What A Wonderful World: Bitmasks!by Revelation (Deacon)
|on Dec 08, 2002 at 07:07 UTC||Need Help??|
I'd just like to propose that developers of larger packages use bitmasks instead of lots of 0,1 (true or false) variables. This may be the standard for enlightened coders, or it might be a foolish notion by me, so I decided to ask you guys to assess the validity of my reasoning.
My reasoning for this is that Bitmasks can:
Save space, if you are shifting a lot. ( No more my($is_alive,$is_cool,$is_a_smurf) = @_; ) However, this does not seem to be a valid purpose in and of itself, since most maintenance programmers may not come with knowledge of bitmasks, but will definitely understand true and false values.
Therefore, I reduce code, but the cons outnumber the pros, right? But no! What if I want to add a value to my subroutine checks? Maintenance, and code changes become a big hassle. I'll have to add that extra value in every subroutine that uses it. So how do we solve this? You could use a hash with all the values! A hash is especially a good fit if you are using an OO construct, where a HoH and perldsc types of things are right up your alley.
But I believe that bitmasks are still more helpful than hashes with 0,1 values, because they help you organize your packages, by allowing you to put constants somewhere else. I like to remind myself, and force myself to use the same constructs everywhere in my code. Code consistency means code clarity for a maintenance programmer, and it means simplicity for me. (My reasoning for using strict.) The same way I like to remind myself of the constructs I'm using, and be able to have one persistent variable that I can pass around to subroutines. Why us a hash, when you can use a scalar? And so... I use Bitmasks.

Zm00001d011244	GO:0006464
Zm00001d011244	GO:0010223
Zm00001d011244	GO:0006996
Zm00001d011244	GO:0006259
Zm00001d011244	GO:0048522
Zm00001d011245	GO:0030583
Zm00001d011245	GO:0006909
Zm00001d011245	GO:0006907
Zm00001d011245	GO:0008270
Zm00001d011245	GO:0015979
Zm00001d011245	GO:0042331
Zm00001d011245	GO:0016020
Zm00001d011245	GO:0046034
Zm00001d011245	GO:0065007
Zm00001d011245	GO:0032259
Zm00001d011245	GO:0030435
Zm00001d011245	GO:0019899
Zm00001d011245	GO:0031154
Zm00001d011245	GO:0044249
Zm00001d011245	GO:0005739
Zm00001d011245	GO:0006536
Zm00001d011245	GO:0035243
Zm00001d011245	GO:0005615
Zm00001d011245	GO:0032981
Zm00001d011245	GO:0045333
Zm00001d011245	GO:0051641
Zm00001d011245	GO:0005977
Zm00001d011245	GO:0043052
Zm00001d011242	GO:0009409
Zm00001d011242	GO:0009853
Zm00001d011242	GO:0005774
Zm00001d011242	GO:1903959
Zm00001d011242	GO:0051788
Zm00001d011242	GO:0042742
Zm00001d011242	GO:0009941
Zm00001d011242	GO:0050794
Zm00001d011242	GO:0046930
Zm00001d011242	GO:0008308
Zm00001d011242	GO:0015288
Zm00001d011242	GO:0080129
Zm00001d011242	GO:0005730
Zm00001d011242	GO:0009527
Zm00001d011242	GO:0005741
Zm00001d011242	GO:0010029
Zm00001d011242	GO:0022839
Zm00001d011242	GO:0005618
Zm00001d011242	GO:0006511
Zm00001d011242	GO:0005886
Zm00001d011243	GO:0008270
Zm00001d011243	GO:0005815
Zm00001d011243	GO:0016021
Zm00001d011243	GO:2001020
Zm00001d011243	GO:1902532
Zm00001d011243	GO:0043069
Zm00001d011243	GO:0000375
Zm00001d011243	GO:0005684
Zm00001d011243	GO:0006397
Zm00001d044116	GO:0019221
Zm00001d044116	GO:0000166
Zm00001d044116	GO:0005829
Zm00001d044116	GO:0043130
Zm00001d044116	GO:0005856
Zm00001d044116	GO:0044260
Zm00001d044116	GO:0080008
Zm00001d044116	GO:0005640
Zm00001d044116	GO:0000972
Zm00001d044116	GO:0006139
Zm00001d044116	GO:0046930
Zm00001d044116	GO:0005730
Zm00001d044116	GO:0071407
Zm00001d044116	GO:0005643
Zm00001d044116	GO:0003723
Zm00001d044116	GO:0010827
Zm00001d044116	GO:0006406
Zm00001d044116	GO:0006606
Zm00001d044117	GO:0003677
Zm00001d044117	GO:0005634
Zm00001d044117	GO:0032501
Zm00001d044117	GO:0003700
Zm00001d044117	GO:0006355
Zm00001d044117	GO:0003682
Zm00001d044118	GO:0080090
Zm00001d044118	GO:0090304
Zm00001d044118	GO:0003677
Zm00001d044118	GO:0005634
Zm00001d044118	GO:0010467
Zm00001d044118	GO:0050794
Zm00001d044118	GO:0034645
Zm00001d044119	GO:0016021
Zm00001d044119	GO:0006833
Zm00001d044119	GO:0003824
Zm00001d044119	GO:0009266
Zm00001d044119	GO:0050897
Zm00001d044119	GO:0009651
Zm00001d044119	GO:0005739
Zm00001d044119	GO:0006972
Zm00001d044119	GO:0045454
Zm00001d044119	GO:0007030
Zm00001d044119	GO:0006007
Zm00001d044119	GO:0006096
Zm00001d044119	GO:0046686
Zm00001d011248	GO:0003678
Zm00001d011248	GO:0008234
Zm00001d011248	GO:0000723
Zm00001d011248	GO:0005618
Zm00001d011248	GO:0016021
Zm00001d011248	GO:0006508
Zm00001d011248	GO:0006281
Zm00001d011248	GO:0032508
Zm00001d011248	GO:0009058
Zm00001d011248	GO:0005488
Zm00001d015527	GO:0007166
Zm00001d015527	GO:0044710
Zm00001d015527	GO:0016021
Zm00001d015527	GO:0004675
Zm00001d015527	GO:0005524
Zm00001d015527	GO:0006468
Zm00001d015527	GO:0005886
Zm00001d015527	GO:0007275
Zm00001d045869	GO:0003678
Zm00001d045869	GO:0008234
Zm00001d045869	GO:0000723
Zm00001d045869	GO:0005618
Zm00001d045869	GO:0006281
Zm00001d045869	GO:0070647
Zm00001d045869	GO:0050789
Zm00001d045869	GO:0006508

Does this sound valid to you, or am I just being an idiot? ( A why would be helpful) Is there somewhere else where Bitmasks should be used, instead? If you use Bitmasks for a different reason in this case, what is it?
In addition, here's a quick example of where I think Bitmasks are helpful: Pretend this is a random module encapsulated by a greater package. Instead of: